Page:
The Why We Broke Up Project

Daniel Handler is collecting romantic sob stories online to promote his latest book

A series of fortunate breakups

Maira Kalman/HarperCollins Publishers

Burned by a bad romance? Scarred from a messy relationship? Need to unload after a Kardashian, Klum or Kutcher-type split? Instead of drowning your sorrows, author Daniel Handler asks that you post them online.

The man formerly known as Lemony Snicket has created a Tumblr page, the Why We Broke Up Project, which invites visitors to post romantic sob stories for digital publication. Handler’s request for submissions is simple: willing participants are asked to share the reason why they broke up with their respective exes. Blog tags such as “I can’t believe how disgusting you were” and “I can’t believe there was someone else” help over-sharers categorize their entries.

“For practical and therapeutic purposes, I’m glad the site is up,” says the 41-year-old San Francisco-born author, who has personally responded to entries that move him. “For selfish reasons, too.” That’s because it was created to promote his latest book, Why We Broke Up, an illustrated young adult novel. “When I tell people about the book’s premise—that it is about a dramatic teenage love affair that ends badly—it usually prompts them to launch into their own troubled story of a former boyfriend or girlfriend.”

Handler is best known for writing the successful children’s books called A Series of Unfortunate Events. His jump into the young adult aisle was driven by a collaboration with artist Maira Kalman, who did the illustrations for the new book. “Maira collects so many things: bottle caps, matchboxes and all sorts of ordinary objects. They were made magical by her gaze and each piece had an infusion of romantic memory,” he says. “Some of those objects became the nucleus of the story.”

The book is about Minerva “Min” Green, a mature teen, and her loutish ex-boyfriend Ed Slaterton. The story is in the form of a letter that accompanies ephemera from Min and Ed’s dates, such as movie stubs and a condom wrapper, that she sends to him when they break up. But just like the protagonist in screenwriter Diablo Cody’s 2007 film Juno, Min’s witty, sarcastic and often dry voice has attracted older readers.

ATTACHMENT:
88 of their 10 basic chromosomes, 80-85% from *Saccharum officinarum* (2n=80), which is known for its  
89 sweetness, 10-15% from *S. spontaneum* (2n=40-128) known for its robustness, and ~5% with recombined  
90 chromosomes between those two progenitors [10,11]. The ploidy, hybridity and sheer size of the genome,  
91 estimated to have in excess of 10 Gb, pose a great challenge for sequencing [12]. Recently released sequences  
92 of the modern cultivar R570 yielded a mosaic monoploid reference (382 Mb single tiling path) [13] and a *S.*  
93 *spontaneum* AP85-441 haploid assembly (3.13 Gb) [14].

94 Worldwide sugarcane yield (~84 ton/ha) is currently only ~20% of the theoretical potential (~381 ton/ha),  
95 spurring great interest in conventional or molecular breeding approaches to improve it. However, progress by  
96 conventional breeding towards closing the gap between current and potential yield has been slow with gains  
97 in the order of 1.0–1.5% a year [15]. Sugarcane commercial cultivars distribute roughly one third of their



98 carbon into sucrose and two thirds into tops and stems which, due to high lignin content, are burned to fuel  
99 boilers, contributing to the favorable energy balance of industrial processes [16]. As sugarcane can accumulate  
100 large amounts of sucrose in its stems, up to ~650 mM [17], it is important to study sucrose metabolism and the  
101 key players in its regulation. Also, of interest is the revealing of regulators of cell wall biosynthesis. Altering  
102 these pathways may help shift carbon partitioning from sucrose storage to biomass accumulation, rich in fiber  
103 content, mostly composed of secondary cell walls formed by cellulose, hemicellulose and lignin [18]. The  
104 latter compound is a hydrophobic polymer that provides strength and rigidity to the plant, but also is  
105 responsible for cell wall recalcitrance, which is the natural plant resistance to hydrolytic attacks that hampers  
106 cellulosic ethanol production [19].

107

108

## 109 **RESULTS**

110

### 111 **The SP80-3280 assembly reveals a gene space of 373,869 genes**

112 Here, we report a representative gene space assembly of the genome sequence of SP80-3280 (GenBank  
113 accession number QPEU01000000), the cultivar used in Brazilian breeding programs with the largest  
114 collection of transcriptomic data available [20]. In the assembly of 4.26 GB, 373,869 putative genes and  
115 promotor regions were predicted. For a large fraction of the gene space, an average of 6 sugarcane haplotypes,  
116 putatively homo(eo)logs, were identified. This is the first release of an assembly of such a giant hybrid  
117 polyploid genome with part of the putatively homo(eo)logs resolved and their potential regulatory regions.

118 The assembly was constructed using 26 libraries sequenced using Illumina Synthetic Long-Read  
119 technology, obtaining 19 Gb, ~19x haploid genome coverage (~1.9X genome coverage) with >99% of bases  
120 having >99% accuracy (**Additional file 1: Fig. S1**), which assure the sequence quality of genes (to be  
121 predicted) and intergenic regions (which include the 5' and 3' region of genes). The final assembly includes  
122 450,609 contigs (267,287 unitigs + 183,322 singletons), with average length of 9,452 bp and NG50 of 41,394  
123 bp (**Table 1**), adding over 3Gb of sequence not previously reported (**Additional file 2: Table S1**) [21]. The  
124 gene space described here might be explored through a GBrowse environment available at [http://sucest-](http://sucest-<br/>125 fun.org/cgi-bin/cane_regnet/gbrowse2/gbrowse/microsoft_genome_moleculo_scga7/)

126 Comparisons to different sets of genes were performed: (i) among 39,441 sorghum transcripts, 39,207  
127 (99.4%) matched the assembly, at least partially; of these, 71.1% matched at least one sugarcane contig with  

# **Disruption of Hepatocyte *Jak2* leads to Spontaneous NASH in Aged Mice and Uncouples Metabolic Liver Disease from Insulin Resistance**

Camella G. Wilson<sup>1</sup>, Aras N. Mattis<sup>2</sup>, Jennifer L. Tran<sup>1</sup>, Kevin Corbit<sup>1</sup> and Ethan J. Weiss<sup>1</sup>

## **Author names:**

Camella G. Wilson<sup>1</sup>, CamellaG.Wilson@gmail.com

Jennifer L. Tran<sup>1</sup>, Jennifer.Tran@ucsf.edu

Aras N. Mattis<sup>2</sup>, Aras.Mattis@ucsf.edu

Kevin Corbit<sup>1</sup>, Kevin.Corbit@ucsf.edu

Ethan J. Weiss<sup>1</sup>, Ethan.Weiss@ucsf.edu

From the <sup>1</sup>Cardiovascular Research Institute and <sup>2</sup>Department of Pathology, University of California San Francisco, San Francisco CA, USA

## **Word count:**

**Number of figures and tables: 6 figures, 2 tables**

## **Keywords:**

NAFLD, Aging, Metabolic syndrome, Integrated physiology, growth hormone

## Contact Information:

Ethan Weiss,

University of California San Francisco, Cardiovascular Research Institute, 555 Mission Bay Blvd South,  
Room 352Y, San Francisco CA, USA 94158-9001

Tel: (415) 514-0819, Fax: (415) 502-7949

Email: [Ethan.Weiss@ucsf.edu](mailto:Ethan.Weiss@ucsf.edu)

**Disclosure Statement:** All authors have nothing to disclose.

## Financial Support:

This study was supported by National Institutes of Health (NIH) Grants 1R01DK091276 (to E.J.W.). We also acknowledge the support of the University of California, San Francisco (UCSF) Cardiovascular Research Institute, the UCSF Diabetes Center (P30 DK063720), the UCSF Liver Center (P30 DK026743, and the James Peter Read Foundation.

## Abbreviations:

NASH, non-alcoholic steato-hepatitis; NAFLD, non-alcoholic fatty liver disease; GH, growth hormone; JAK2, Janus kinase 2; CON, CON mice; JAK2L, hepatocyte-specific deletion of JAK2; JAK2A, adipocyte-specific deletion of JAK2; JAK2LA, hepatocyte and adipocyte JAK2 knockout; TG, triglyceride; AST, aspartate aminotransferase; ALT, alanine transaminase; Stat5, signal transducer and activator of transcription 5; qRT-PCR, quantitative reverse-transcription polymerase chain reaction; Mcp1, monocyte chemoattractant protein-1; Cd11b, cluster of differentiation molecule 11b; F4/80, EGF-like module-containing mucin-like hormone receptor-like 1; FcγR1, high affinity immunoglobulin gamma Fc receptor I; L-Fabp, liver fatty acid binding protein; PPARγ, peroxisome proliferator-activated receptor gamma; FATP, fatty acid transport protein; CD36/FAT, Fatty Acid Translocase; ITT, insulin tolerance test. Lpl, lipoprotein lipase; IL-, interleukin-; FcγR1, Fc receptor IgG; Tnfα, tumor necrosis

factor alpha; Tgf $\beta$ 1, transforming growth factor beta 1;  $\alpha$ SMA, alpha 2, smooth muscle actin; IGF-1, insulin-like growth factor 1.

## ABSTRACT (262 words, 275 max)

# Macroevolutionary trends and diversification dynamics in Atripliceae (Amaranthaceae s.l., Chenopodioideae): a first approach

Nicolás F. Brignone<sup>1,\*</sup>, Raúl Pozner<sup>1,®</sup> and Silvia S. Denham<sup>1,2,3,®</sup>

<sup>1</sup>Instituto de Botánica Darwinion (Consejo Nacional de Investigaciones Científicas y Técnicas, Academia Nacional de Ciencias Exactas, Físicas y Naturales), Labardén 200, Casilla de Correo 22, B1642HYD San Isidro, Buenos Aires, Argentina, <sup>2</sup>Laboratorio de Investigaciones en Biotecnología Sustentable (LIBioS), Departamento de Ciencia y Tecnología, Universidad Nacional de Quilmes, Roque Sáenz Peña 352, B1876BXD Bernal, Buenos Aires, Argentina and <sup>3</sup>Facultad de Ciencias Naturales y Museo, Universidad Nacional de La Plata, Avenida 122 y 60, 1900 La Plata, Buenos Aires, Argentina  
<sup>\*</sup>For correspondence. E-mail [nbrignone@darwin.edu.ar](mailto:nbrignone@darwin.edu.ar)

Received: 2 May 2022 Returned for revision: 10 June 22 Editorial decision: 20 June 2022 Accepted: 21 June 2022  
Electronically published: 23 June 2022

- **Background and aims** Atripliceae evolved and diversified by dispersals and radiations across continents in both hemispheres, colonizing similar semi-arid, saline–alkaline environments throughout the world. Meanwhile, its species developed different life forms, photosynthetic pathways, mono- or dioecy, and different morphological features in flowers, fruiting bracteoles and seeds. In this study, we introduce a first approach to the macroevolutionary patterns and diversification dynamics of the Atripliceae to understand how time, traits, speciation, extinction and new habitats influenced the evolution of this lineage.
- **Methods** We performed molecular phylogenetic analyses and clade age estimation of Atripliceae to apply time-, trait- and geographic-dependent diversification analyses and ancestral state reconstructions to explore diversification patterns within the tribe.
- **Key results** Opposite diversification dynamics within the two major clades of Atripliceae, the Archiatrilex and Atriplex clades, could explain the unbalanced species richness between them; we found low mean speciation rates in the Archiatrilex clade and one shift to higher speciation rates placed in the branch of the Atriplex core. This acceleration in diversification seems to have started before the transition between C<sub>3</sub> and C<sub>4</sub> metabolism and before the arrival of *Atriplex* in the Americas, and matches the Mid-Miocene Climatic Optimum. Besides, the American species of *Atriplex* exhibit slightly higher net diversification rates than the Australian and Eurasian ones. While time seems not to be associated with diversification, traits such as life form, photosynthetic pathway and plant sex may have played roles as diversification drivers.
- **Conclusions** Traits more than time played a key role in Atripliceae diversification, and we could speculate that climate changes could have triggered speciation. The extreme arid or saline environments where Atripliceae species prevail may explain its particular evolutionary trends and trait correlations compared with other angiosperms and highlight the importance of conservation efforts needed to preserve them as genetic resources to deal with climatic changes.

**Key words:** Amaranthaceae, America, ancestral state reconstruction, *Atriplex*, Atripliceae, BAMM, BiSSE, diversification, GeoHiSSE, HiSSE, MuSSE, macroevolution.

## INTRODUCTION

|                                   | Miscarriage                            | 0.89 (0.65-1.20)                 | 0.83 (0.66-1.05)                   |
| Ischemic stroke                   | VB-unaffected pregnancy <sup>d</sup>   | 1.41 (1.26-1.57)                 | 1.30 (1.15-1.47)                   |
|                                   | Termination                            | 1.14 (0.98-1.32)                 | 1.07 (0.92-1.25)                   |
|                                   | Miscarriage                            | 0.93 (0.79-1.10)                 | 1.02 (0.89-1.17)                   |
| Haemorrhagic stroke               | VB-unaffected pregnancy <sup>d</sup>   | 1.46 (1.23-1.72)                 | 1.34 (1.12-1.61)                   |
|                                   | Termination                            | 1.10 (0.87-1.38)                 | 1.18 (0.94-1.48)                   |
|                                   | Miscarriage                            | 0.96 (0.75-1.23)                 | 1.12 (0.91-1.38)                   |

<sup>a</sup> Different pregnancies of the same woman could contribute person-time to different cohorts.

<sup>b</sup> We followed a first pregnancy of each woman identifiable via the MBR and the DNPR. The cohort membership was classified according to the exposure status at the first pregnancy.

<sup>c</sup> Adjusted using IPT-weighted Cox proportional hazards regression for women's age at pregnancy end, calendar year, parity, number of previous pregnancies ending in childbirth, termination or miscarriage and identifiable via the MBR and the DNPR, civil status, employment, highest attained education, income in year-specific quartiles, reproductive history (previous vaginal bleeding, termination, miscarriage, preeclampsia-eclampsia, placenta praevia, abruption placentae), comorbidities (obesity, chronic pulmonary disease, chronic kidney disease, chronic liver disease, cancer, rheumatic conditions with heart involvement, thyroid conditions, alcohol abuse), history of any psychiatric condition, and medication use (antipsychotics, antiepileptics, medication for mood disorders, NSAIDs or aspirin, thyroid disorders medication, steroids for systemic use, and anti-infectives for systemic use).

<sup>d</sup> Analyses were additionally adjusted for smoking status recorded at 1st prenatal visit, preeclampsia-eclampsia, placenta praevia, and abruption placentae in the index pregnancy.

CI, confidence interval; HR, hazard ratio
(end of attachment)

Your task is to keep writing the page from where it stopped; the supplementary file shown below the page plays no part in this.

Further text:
“As I started to read the Tumblr posts on the Why We Broke Up Project, I realized that not only are there so many heartbroken, long-winded people who can be considered versions of Min that are exactly Min’s age, but there are more women responding to the book and site who have grown out of their teenage years,” says Handler. “They seem to be the ones that consistently keep adding to our viral collection of breakup stories.”

Although the Tumblr site was meant to be a marketing tool, it has now logged more than 1,200 entries and an average of 12 stories are added every day. The posts cover a wide range: resentful (“I always put you first. And so did you”), jilted (“You ran away with my best friend”), superficial (“No one wants to marry a 28-year-old man without a job”), disturbing (“You abused the kids”) and comical (“I secretly hated your creepy moustache”). Thanks to the success of both the site and book, Handler was asked to help guide the lonely-heart set in other ways. “Yesterday, I spent two hours counselling the lovelorn on the Huffington Post’s Twitter account,” he laughs. “I doubt anybody actually took me seriously, though.” Then again, when asked, “What’s the best revenge for a scorned lover?” he answered, “A successful literary career.”

Handler definitely struck a nerve with the book, as people interested in Why We Broke Up “feel compelled to tell their own story any which way they can.” But contributors beware. Some of those stories are fodder for the author’s imagination. Handler is obsessed with the story of a man who called in to a radio station when he was doling out advice to the lovelorn on his book tour. “He had a last breakfast with his girlfriend Marlena. When she broke up with him and left him that morning, he saved the grapefruit she was eating—she only ate half of it. He told me he wrapped up the fruit in cellophane and kept it in the freezer for 11 years. It really is the kind of thing that is bound to show up in one of my books.”

Pseudonym snub

Handler came up with Lemony Snicket out of the blue, likely a play on the “cheerful, overly moralistic” Jiminy Cricket he despises.

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